Continue reading

You Know, Every Piece Of Sentimental Inspiration Doesn’t Have To Be Debunked: Of Dogs, Death, And “The Man Who Shot Liberty Valance”

There was a nice, heartwarming photo yesterday of George H.W. Bush’s service dog lying by his casket.  This was accorded the usual sniffling interpretation, which is fine: the image is moving. Nonetheless, Slate felt it necessary to publish “Don’t Spend Your Emotional Energy on Sully H.W. Bush/He’s a service dog who had been with the president for six months, not his lifelong companion.”

“It’s wonderful for Bush that he had a trained service animal like Sully available to him [for 6] months. It’s a good thing that the dog is moving on to another gig where he can be helpful to other people (rather than becoming another Bush family pet). But it’s a bit demented to project soul-wrenching grief onto a dog’s decision to lie down in front of a casket. Is Sully “heroic” for learning to obey the human beings who taught him to perform certain tasks? Does the photo say anything special about this dog’s particular loyalty or judgment, or is he just … there? Also, if dogs are subject to praise for obeying their masters, what do we do about the pets who eat their owners’ dead (or even just passed-out) bodies?…”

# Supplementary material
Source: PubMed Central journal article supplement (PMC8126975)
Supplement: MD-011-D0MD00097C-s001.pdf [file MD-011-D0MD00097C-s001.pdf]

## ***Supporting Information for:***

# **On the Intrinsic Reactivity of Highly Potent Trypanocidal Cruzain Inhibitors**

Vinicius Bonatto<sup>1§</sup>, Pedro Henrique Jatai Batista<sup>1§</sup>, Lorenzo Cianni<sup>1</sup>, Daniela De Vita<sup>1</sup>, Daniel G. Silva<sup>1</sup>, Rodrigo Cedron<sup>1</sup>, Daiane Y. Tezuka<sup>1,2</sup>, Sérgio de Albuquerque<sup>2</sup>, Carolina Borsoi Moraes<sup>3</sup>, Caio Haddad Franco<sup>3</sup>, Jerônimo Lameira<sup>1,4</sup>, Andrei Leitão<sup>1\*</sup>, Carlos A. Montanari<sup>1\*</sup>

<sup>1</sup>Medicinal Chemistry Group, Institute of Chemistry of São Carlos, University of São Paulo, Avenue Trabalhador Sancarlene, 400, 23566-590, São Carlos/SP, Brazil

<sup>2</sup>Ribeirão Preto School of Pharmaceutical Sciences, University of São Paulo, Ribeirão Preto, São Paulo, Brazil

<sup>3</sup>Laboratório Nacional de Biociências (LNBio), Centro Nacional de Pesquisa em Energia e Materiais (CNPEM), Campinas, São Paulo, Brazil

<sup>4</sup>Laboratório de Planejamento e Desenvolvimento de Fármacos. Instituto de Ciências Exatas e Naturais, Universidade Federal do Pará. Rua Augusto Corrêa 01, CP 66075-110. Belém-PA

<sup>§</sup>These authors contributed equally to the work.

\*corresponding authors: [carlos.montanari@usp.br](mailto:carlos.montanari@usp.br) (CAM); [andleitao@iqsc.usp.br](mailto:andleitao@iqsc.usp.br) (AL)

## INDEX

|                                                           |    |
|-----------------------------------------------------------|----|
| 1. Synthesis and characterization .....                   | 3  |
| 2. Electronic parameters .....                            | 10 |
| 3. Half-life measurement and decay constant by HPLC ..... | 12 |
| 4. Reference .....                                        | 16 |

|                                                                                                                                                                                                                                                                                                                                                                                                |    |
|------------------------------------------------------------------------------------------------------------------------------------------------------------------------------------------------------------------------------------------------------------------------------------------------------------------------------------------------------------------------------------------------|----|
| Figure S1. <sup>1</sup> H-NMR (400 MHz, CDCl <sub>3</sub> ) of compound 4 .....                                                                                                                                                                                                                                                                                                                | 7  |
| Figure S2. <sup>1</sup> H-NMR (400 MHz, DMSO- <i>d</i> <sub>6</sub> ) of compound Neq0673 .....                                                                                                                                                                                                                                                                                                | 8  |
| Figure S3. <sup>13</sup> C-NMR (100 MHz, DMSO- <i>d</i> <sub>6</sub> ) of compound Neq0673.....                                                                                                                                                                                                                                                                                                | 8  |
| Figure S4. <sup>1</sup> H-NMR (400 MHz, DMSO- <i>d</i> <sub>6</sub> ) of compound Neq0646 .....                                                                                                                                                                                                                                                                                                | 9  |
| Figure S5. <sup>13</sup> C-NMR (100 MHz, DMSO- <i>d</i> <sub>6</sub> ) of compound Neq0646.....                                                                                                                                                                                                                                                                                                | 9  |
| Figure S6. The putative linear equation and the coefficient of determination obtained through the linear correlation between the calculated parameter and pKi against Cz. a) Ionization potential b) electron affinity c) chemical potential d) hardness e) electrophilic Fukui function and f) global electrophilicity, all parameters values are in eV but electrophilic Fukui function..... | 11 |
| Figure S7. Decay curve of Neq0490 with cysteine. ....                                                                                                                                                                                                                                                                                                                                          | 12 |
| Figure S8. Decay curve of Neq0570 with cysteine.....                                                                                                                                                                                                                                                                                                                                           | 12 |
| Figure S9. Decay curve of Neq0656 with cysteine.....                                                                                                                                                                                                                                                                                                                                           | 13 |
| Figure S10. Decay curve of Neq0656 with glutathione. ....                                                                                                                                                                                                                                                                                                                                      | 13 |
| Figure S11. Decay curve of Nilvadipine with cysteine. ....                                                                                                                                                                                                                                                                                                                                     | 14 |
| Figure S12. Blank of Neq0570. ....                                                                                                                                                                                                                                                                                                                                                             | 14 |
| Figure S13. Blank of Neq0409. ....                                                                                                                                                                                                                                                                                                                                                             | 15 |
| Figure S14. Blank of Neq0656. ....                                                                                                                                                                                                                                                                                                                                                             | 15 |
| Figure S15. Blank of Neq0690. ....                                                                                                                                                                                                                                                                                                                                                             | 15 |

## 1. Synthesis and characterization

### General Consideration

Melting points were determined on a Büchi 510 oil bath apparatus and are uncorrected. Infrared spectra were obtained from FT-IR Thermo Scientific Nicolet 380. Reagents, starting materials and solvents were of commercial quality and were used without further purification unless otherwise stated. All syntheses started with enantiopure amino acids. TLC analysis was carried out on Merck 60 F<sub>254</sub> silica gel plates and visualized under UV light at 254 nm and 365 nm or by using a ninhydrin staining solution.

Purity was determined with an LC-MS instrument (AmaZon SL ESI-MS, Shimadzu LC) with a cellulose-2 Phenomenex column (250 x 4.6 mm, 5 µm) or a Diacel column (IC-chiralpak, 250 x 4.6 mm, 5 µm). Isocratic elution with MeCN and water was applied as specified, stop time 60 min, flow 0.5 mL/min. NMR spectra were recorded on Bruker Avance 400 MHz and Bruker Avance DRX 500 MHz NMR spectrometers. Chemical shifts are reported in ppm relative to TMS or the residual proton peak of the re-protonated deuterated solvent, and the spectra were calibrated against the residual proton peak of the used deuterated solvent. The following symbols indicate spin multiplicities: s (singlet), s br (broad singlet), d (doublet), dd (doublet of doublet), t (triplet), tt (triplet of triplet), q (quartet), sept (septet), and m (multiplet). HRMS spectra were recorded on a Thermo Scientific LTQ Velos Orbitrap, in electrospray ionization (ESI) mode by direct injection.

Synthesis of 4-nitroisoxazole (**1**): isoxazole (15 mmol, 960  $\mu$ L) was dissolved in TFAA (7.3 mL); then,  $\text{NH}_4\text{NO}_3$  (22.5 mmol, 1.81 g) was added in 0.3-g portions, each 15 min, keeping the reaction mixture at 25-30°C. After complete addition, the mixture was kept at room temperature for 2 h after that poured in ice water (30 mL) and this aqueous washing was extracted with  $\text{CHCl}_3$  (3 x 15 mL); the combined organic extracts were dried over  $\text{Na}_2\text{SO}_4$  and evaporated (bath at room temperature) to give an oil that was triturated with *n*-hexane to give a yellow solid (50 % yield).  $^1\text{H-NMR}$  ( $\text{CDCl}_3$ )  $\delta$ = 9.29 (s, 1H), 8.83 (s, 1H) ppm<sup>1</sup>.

Oh, thank you, thank you SO much for that lovely image.

Of course the dog doesn’t understand that Bush is dead, or that he’s in the casket, or anything. So what? Anyone who knows anything about dogs can figure that out. Why was this snark necessary? Continue reading

Morning Ethics Round-Up, 8/16/18: Those Wacky Conways, And The Anti-Trump News Media Goes To The Dogs

Good morning.